The iPad in the Doctor’s Office
So this new type of portable computer/notepad/netbook went on sale over the weekend.
It’s called the iPad – perhaps you’ve heard of it?
Seriously, I don’t know how much you’ve read or maybe you even stood in line last weekend and already bought an iPad for yourself, but current debates over the device include these:
– Whether it will save newspapers and magazines
– If its portability and ease of use for casual Internet users compensate for a virtual keyboard and the lack of USB ports
– Just how quickly will it destroy sales of other e-readers on the market?
Plus, I’ve been reading about the iPad’s possible role in transforming health care and the doctor/patient relationship in particular.
Consider this, from pediatric neurosurgeon Hal Meltzer in HealthLeaders Media,
Eventually, he thinks he and other doctors will use it, especially because its toy-like appearance may help explain medical issues to children in a less scary way.
“There’s so many possibilities,” said the neurosurgeon, who hopes that the device will save trips to the computer monitor to review MRI or CT images.
Yeah, I could see that.
And also: remember your kid’s asthma diagnosis, or maybe even all the appointments that led up to that diagnosis?
Remember all your confusion?
Now picture the pediatrician or ER doctor whipping out an iPad, showing you a video of a bronchospasm-induced coughing fit, and saying, “Does your kid ever sound/look like this? Because this is asthma.”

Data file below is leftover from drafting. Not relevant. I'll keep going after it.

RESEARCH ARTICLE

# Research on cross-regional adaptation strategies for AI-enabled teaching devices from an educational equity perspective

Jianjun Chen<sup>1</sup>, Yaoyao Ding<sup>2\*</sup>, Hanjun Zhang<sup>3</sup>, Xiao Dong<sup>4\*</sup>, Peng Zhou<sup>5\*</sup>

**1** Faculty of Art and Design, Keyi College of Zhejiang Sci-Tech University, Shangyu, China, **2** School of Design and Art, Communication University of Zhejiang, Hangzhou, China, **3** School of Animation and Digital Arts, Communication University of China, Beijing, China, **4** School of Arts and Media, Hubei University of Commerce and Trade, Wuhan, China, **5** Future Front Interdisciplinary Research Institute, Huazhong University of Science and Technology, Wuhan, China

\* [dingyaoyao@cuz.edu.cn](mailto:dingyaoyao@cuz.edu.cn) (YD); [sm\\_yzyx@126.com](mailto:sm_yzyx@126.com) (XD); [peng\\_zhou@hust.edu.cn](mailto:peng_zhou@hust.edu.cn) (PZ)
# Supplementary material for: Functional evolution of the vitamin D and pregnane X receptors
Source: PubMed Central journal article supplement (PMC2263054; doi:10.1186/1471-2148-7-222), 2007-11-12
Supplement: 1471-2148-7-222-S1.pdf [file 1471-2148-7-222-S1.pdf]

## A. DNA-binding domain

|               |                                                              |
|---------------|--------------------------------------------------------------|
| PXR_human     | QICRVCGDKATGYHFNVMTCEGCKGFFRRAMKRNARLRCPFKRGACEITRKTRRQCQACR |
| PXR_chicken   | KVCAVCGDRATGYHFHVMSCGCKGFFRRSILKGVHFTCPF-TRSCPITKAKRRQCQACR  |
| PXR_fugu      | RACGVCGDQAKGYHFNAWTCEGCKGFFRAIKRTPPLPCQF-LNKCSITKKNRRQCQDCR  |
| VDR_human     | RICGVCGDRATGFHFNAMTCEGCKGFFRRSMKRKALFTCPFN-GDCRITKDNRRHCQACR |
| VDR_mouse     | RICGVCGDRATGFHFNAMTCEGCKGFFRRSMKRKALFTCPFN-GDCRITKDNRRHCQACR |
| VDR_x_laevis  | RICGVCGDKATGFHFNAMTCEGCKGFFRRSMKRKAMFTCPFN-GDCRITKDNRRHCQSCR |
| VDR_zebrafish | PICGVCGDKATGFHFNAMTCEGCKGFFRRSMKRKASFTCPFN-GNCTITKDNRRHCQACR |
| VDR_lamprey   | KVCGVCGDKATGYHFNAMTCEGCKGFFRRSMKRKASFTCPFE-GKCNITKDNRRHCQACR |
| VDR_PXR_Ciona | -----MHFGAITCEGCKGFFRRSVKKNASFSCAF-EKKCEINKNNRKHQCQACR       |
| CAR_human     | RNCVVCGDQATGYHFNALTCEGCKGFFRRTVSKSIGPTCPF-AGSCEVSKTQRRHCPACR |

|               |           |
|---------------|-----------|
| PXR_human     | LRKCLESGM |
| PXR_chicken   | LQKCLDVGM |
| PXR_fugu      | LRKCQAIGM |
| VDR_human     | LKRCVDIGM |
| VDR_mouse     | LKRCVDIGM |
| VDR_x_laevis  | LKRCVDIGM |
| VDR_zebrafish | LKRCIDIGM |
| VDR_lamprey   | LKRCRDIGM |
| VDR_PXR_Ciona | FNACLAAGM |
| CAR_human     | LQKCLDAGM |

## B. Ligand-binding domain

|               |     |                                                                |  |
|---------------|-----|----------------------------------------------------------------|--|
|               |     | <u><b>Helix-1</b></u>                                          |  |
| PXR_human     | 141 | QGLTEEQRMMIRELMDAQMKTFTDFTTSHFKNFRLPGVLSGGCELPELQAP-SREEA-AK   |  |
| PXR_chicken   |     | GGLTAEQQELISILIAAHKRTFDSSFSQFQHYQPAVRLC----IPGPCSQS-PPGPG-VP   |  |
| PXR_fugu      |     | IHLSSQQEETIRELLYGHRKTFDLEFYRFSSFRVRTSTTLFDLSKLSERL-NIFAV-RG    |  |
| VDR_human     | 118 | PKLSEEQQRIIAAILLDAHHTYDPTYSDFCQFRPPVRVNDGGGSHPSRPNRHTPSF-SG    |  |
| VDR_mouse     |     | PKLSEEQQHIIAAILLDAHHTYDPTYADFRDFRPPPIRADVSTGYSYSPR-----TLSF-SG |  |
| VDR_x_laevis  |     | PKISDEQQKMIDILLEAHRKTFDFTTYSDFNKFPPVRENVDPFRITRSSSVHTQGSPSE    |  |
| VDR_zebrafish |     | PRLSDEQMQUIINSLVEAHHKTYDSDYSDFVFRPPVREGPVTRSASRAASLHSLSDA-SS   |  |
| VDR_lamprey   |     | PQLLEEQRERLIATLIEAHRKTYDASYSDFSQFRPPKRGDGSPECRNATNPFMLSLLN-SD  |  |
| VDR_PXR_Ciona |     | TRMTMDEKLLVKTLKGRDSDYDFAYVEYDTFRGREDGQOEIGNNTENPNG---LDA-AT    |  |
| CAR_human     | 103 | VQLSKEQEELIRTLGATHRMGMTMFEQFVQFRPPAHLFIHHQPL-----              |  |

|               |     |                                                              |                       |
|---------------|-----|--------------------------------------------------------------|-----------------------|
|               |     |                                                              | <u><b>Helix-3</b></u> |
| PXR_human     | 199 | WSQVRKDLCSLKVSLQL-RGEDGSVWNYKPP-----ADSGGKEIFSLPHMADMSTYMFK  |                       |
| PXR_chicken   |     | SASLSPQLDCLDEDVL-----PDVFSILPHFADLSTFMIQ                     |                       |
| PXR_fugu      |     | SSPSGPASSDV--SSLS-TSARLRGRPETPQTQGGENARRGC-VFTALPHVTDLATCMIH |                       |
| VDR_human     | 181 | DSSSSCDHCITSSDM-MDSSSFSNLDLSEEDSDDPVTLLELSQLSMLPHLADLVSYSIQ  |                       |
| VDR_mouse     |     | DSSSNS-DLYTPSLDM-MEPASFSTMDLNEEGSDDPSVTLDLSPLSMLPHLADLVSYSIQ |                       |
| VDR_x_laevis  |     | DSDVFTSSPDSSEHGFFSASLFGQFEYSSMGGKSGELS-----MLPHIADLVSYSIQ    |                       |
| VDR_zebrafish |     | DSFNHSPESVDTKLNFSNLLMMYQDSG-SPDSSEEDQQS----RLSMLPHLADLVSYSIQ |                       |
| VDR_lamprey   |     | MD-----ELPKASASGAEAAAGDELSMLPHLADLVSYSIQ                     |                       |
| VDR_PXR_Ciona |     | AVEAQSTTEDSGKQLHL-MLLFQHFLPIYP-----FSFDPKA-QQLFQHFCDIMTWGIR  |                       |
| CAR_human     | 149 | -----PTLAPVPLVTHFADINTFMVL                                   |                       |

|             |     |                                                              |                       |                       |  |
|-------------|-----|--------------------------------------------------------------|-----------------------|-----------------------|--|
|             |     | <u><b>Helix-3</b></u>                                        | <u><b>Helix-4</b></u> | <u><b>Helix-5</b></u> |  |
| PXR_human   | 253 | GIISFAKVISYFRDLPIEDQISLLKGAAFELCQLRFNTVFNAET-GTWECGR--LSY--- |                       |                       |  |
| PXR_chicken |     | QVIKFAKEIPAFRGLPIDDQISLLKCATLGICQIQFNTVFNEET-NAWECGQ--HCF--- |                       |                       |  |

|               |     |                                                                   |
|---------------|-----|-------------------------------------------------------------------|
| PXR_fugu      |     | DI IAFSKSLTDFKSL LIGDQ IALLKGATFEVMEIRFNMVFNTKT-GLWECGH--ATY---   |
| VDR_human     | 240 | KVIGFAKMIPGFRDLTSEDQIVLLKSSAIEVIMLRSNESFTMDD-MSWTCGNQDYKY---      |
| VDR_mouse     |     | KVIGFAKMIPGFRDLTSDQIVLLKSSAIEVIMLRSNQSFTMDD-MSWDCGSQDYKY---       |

Or imagine if your pediatrician could play recordings from the R.A.L.E. Repository of Lung Sounds, instantly and right there in the examining room, so you can understand exactly what kind of respiratory symptoms to listen for at home.
Imagine the implications for earlier diagnosis and better at-home treatment for kids with conditions like asthma.
Physicians, assuming they’re interested in using iPads as teaching tools in clinical settings, could help parents/patients understand complex medical information better via visual and audio examples like these.
Improving comprehension = taking some of the guesswork out of recognizing and treating flares quickly and effectively.
I’ve been reading about at-home health applications for the iPad, too, like “Ask an Expert” at Unity Medical. Click on the far right video in that link to see a demonstration, but the application basically takes the symptom-checker concept of popular medical websites and amps it up several notches. It includes, for example, images of specific symptoms that help the user determine whether to make a doctor’s appointment or decide if a child is contagious.
Of course, you can find the same information yourself, today, without an iPad or this app through a simple Google image search, WebMD’s Symptom Checker, and reputable medical websites about specific conditions. It will just take you more time.
Overall, the health care applications look pretty exciting, possibly even game-changing, though this post is all conjecture. I’m not likely to own an iPad anytime soon since my laptop is dying, and saving for a new one on a freelancer’s income takes precedence over a device that probably couldn’t serve as my primary portable computing/telecommuting solution.
I could be wrong on that last bit, though. (Wouldn’t be the first time!) I’m interested to see how (if?) other bloggers and/or freelancers make the iPad work for them.